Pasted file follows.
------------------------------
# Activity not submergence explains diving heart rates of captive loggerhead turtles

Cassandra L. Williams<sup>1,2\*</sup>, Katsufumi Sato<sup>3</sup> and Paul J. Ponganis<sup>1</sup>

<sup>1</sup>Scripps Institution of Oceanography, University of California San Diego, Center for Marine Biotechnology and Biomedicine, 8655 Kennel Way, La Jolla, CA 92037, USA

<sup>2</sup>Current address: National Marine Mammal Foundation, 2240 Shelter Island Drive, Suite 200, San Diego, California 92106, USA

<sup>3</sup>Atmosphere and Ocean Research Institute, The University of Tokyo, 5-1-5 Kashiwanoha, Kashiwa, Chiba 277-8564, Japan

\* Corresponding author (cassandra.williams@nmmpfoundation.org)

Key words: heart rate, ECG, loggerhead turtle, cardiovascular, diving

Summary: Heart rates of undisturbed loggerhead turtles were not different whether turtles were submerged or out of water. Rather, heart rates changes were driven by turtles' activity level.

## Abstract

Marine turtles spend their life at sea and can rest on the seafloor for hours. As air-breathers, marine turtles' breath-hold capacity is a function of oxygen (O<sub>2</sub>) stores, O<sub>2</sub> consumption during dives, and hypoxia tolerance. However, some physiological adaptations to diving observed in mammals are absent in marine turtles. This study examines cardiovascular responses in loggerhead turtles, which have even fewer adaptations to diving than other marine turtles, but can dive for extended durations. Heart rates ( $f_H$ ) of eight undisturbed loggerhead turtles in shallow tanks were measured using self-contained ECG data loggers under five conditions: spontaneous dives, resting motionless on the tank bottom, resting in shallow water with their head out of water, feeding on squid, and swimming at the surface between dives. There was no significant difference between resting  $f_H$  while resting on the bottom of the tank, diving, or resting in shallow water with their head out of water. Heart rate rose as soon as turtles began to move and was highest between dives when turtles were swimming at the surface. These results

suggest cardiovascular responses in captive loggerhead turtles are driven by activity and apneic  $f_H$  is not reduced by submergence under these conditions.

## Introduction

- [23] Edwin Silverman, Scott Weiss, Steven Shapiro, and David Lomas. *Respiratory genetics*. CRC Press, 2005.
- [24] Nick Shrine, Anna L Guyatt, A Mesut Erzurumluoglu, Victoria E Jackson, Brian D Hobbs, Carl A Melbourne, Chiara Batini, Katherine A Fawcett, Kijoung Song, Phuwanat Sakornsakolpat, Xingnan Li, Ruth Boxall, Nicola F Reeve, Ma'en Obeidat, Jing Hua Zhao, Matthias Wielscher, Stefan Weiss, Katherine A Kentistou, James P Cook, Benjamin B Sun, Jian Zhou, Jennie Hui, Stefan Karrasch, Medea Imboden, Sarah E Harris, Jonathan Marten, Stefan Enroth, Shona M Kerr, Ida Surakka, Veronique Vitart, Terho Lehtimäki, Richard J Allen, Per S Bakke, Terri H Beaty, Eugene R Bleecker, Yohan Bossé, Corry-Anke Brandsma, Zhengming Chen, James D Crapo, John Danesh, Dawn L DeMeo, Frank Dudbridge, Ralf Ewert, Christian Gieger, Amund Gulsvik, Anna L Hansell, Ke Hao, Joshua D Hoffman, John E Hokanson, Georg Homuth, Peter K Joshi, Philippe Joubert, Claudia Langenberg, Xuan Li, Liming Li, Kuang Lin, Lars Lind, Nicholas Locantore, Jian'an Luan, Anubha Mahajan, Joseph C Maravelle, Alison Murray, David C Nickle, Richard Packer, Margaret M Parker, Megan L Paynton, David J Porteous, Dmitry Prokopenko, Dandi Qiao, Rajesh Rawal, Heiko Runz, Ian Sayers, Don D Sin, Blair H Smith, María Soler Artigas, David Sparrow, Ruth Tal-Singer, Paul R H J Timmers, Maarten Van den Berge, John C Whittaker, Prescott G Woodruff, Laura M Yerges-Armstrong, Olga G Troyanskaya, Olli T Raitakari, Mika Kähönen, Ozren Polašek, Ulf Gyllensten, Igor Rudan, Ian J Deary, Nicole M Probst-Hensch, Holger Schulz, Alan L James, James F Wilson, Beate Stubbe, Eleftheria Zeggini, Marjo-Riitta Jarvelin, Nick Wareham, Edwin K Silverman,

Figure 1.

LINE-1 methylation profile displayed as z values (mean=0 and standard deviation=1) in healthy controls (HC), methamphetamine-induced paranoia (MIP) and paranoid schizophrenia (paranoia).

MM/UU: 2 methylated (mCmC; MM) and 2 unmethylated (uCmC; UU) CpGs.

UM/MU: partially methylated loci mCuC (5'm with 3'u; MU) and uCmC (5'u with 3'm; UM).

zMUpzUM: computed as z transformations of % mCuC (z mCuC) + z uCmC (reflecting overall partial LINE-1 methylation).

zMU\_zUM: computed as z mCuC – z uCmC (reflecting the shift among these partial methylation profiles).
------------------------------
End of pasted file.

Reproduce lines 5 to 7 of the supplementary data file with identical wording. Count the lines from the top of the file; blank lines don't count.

<sup>3</sup>Atmosphere and Ocean Research Institute, The University of Tokyo, 5-1-5 Kashiwanoha, Kashiwa, Chiba 277-8564, Japan

\* Corresponding author (cassandra.williams@nmmpfoundation.org)

Key words: heart rate, ECG, loggerhead turtle, cardiovascular, diving